Mobile-first retail has been especially buzzy of late, with companies ranging from Yoox Net-a-Porter to the recently rejiggered Spring hailing it as both the natural customer evolution and the future of their businesses.
“Our goal is to transform this company to focus on mobile, because that’s where the customer is going,” announced Federico Marchetti, CEO of Yoox Net-a-Porter, at the launch of the company’s tech hub in early July. That hub is part of the company’s larger plan to increase total mobile sales from 50 percent to 75 percent by 2020.
Stephan Schambach, founder and CEO of NewStore, a mobile commerce platform that works with brands like Adidas, believes this is the wise, and only, move. “In a few years, retail will be a smartphone-only business,” he said. While that might be hyperbolic, the rising popularity of mobile commerce can’t be denied.
In 2016, 211 million Americans shopped online and 64 percent, or 136 million, of them made purchases via mobile, according to the latest research from Shopgate. That number is expected to grow to 68 percent, or 147 million, by the end of this year.
“Retail is one of many industries that’s quickly learning to put its best foot forward with consumers, and in this climate, that means mobile-first,” said Jason Beckerman, CEO and co-founder of Unified, a business intelligence platform. “While this has been top of mind for some time, the mentality [for most] has been ‘mobile-friendly,’ rather than ‘first.’”
Here’s a look at how the mobile-first and mobile-friendly differ, and why mobile-first is expected to alter the shopping landscape going forward.
Exactly how is mobile-first retail different from mobile-friendly?
Mobile-friendly refers to companies who have made sure their desktop experience translates well and is easily digestible on a mobile device. Mobile-first, on the other hand, takes this a step further, said Beckerman: “planning the initial customer journey on a mobile device and making sure it can be translated the reverse way, onto a desktop.”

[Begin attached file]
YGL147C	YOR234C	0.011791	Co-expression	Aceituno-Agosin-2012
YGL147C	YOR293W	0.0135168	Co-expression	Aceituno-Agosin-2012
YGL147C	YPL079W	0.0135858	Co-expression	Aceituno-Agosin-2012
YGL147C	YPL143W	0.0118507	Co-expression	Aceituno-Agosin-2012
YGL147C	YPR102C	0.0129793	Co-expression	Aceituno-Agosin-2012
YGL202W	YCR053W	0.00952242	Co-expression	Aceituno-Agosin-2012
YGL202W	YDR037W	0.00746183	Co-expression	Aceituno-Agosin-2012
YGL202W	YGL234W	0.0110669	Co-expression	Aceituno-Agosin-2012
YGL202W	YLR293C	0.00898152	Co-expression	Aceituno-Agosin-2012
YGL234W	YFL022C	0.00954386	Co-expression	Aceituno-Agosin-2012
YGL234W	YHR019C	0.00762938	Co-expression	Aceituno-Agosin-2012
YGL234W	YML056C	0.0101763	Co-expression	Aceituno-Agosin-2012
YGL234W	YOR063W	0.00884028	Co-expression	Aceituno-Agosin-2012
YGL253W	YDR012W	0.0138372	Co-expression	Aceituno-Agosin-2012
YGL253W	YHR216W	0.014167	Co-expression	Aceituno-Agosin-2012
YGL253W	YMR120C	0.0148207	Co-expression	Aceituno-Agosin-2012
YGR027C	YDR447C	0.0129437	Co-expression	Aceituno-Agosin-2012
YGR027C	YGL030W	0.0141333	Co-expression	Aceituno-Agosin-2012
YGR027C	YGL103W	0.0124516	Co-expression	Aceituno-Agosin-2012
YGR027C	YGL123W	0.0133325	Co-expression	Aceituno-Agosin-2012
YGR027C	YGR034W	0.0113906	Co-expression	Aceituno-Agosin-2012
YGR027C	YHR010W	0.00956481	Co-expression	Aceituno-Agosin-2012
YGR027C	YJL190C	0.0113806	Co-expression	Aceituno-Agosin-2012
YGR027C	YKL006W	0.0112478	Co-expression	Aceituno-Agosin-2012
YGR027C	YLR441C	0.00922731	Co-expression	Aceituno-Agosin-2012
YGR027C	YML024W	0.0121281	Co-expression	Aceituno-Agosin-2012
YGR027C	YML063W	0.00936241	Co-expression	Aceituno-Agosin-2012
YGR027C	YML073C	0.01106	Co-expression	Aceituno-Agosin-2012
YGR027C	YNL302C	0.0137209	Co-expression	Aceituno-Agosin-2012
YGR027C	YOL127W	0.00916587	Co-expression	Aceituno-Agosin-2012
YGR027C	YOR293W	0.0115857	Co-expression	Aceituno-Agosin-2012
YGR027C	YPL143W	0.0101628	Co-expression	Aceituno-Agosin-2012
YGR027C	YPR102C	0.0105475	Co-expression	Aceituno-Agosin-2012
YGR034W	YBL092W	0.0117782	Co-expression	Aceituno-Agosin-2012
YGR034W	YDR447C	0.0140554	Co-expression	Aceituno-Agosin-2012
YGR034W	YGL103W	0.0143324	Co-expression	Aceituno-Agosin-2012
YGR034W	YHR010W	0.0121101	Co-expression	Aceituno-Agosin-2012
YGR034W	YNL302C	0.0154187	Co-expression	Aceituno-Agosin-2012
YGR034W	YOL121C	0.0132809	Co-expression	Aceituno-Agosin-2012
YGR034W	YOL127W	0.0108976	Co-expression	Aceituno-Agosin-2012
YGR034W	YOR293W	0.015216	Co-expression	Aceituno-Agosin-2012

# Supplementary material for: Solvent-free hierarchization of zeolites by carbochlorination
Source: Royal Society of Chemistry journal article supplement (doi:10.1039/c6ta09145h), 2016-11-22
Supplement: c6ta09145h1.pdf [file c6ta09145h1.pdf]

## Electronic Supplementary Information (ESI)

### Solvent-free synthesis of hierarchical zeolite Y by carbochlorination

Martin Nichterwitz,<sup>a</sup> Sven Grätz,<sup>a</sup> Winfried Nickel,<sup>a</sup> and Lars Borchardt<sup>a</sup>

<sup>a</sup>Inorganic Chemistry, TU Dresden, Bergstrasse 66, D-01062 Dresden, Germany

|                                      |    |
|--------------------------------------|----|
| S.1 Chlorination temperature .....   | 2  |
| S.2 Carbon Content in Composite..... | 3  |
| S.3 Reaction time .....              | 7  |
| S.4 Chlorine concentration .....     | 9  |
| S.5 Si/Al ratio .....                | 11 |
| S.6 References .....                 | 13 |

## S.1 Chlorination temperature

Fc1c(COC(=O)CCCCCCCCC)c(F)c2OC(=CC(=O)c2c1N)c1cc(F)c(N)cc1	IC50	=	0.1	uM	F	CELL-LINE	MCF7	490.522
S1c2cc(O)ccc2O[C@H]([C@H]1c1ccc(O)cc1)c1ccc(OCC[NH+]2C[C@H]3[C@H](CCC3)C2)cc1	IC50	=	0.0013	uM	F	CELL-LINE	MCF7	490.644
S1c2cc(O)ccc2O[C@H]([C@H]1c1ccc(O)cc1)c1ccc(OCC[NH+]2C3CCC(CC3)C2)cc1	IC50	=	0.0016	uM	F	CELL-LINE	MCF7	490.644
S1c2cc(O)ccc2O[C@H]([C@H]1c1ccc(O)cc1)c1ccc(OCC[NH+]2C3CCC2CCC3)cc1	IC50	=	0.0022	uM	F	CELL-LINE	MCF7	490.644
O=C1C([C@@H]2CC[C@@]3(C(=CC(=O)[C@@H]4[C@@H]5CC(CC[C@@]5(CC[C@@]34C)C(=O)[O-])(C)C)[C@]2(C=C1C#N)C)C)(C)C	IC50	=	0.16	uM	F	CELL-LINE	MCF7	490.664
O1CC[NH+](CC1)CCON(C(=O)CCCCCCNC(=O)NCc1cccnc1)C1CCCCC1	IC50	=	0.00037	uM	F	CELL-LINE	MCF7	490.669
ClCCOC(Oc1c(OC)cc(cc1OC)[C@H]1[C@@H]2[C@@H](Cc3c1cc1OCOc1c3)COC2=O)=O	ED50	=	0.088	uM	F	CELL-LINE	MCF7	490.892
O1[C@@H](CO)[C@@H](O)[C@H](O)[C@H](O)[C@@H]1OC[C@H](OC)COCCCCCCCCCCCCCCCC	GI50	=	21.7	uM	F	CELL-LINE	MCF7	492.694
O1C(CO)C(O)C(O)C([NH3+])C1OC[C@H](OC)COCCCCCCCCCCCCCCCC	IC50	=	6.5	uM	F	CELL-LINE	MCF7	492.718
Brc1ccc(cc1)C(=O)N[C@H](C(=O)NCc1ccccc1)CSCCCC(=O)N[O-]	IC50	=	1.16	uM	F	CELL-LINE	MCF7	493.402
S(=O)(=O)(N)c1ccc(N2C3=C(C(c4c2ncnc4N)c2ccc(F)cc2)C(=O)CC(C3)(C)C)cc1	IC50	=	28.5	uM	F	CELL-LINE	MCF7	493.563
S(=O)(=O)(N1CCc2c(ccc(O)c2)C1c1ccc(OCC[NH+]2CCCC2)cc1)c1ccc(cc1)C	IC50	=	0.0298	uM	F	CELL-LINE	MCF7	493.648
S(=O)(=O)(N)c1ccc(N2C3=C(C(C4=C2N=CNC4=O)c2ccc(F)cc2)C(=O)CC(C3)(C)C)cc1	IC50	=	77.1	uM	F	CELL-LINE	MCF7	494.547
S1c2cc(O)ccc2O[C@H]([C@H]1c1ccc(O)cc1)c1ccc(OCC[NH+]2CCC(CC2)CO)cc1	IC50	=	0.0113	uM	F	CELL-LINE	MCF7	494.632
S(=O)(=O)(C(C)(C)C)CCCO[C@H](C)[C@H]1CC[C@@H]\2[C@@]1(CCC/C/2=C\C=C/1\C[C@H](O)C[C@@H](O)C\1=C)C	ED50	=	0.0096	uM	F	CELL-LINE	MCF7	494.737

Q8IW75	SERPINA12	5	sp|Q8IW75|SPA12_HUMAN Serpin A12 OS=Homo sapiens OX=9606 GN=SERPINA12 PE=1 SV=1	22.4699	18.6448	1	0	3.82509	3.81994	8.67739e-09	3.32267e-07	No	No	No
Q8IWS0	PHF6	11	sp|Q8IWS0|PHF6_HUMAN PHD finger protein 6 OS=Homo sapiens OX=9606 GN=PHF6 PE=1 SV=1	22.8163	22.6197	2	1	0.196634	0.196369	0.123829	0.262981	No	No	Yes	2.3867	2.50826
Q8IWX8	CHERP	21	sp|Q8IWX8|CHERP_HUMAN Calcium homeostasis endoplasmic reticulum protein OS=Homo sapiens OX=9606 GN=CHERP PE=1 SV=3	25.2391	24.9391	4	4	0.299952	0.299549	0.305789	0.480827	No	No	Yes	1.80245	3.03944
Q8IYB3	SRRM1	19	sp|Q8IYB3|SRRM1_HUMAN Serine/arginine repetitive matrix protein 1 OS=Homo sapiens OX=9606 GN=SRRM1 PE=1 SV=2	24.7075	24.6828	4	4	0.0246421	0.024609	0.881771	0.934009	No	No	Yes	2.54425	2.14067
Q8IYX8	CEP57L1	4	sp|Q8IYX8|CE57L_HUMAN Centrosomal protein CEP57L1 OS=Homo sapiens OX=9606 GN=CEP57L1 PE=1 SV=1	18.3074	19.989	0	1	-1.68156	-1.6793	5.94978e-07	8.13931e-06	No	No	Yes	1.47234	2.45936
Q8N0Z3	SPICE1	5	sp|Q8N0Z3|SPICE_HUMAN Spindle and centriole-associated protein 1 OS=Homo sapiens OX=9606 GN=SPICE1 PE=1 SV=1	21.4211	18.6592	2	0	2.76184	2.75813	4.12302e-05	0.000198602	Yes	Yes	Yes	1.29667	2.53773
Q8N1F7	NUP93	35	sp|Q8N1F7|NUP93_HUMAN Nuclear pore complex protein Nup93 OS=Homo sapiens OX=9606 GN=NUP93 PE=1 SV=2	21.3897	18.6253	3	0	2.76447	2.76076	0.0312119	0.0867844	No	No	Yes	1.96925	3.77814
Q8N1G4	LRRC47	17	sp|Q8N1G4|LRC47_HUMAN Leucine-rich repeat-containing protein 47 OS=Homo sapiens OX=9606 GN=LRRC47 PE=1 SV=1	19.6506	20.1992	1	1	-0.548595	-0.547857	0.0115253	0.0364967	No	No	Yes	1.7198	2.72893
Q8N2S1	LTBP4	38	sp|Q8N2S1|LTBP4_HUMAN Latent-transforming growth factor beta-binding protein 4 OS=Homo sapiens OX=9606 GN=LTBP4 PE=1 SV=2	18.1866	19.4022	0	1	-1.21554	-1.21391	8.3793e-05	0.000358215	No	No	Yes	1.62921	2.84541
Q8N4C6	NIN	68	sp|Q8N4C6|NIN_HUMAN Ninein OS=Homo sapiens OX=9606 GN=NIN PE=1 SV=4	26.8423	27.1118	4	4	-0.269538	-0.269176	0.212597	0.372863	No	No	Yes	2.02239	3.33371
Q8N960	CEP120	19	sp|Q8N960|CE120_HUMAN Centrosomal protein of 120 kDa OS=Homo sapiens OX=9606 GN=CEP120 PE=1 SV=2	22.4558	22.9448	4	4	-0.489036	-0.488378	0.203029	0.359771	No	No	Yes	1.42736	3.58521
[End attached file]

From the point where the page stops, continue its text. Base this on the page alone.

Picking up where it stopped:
This means building out everything — from browsing to buying, to customer service — from the ground up on mobile, so that no desktop use is ever necessary.
That requires an “exceedingly user-friendly interface,” said Stefan Weitz, the executive vice president at Radial, an omnichannel operations company. At the least, that involves a website or branded app with large touch targets, a simple menu and easy navigation.
Got it. So, is one approach better than the other?
Today, 85 percent of retailers have optimized their websites to be mobile-friendly, but only 22 percent have launched a mobile app — which is typically part of the mobile-first model. Schambach sees this as a massive missed opportunity. “Native shopping apps are known to increase conversion and spending,” he said.
This is currently up for debate, as some numbers indicate otherwise — but the overall growth of mobile commerce does show promise for the bottom line. A recent study from Invesp found that people who shop online using their mobile devices tend to spend twice as much across all digital channels as those who don’t use their phones to shop.
As the number of people relying on mobile commerce grows, retailers need to know that only having an “OK” mobile presence will not be enough to obtain customers and drive positive outcomes, argues Michael Levine, vice president of marketing at the omnichannel experience provider Photon. “By going mobile-first, retailers are actively striving to meet their customers’ needs and wants where they are most and not simply focusing on the end transaction,” he said.
If mobile-first is such a good idea, why aren’t more companies taking that approach?
In short, because it’s hard. Building a new mobile experience from the ground up — and one that works across all mobile devices — requires time and money that many brands are loath to invest. It’s why many opt instead for the mobile-friendly shortcut.
“It requires much more than a ‘tweak’ in technology — it requires a transformation of the entire organization, which encompasses people, processes and culture,” said Schambach.
“There are many complexities involved,” agreed Levine, of Photon, citing a well-thought-out API and microservices framework, a simple UI and a flawless UX. “The average shopping app just doesn’t cut it.”